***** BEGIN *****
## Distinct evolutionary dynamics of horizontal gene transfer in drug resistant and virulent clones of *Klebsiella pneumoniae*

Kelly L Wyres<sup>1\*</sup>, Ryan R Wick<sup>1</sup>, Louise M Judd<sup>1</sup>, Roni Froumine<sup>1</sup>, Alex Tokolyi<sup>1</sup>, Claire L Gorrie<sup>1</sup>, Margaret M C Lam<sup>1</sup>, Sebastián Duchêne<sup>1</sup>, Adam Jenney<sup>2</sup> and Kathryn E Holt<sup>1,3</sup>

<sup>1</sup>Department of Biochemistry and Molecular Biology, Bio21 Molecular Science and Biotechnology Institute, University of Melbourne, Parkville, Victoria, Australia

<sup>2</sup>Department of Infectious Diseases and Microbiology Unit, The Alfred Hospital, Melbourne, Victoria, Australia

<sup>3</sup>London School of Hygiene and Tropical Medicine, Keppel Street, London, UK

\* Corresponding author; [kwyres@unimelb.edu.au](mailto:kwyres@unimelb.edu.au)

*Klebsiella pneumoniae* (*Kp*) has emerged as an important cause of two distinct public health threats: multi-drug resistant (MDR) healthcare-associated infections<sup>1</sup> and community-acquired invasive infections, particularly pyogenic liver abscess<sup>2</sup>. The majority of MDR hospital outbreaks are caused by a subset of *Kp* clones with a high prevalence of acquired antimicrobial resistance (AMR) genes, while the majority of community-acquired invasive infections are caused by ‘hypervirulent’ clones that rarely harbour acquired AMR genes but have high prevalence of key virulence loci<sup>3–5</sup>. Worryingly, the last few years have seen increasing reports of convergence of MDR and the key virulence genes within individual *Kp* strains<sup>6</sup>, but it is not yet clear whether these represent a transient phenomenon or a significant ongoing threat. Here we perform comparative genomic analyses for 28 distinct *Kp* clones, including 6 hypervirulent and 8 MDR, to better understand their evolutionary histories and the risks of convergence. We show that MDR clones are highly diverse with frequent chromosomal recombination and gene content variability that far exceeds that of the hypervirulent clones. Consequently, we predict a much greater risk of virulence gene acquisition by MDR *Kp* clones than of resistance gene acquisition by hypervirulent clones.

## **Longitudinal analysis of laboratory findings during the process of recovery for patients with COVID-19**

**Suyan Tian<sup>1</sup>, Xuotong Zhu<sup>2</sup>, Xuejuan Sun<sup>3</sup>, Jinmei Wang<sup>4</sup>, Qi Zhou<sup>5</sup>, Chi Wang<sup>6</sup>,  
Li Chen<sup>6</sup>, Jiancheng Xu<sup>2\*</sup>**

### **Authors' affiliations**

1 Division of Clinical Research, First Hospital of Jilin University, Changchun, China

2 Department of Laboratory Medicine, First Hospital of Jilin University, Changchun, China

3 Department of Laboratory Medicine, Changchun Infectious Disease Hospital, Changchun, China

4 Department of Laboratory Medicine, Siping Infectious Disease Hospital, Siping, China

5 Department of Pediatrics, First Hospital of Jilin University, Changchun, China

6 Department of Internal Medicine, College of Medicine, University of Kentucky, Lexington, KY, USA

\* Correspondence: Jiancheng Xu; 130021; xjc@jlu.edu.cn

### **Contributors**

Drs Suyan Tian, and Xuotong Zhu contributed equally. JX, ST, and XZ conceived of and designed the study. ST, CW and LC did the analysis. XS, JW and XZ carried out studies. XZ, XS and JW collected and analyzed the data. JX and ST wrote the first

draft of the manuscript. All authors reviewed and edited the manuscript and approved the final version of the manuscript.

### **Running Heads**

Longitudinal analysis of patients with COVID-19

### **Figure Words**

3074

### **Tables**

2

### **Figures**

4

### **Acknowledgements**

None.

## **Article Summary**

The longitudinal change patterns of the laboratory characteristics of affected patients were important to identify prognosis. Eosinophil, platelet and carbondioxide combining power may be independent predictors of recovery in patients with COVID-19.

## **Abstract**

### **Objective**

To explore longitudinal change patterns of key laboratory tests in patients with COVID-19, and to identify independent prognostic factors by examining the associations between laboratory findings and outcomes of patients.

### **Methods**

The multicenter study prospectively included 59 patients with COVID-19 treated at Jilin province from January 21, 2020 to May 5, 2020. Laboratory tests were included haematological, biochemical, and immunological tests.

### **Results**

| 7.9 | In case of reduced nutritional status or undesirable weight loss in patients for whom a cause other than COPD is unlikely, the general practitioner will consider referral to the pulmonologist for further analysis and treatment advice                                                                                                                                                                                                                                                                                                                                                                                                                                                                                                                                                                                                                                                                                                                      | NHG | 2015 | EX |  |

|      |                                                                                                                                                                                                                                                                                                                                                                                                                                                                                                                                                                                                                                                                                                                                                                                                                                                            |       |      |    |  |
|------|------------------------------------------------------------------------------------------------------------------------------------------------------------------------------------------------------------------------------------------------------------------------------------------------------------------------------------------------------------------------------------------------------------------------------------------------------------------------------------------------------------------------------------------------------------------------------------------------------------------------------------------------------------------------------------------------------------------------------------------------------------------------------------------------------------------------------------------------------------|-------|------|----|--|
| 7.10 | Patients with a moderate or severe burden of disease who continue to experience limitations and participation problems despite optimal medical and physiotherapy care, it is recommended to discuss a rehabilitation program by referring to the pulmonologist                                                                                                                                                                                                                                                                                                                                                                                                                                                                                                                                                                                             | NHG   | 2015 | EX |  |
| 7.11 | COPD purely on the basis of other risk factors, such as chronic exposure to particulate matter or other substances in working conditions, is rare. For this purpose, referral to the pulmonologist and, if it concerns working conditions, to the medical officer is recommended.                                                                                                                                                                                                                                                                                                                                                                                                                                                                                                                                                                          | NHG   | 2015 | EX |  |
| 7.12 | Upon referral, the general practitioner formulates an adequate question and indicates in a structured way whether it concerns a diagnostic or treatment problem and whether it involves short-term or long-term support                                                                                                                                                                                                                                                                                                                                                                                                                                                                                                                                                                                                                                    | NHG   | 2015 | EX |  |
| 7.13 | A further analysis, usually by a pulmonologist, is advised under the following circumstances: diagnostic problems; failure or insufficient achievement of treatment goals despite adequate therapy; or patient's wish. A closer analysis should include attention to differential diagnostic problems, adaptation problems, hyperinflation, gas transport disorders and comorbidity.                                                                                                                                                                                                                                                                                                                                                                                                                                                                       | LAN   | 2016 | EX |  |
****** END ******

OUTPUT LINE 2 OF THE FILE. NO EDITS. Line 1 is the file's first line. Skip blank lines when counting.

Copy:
Kelly L Wyres<sup>1\*</sup>, Ryan R Wick<sup>1</sup>, Louise M Judd<sup>1</sup>, Roni Froumine<sup>1</sup>, Alex Tokolyi<sup>1</sup>, Claire L Gorrie<sup>1</sup>, Margaret M C Lam<sup>1</sup>, Sebastián Duchêne<sup>1</sup>, Adam Jenney<sup>2</sup> and Kathryn E Holt<sup>1,3</sup>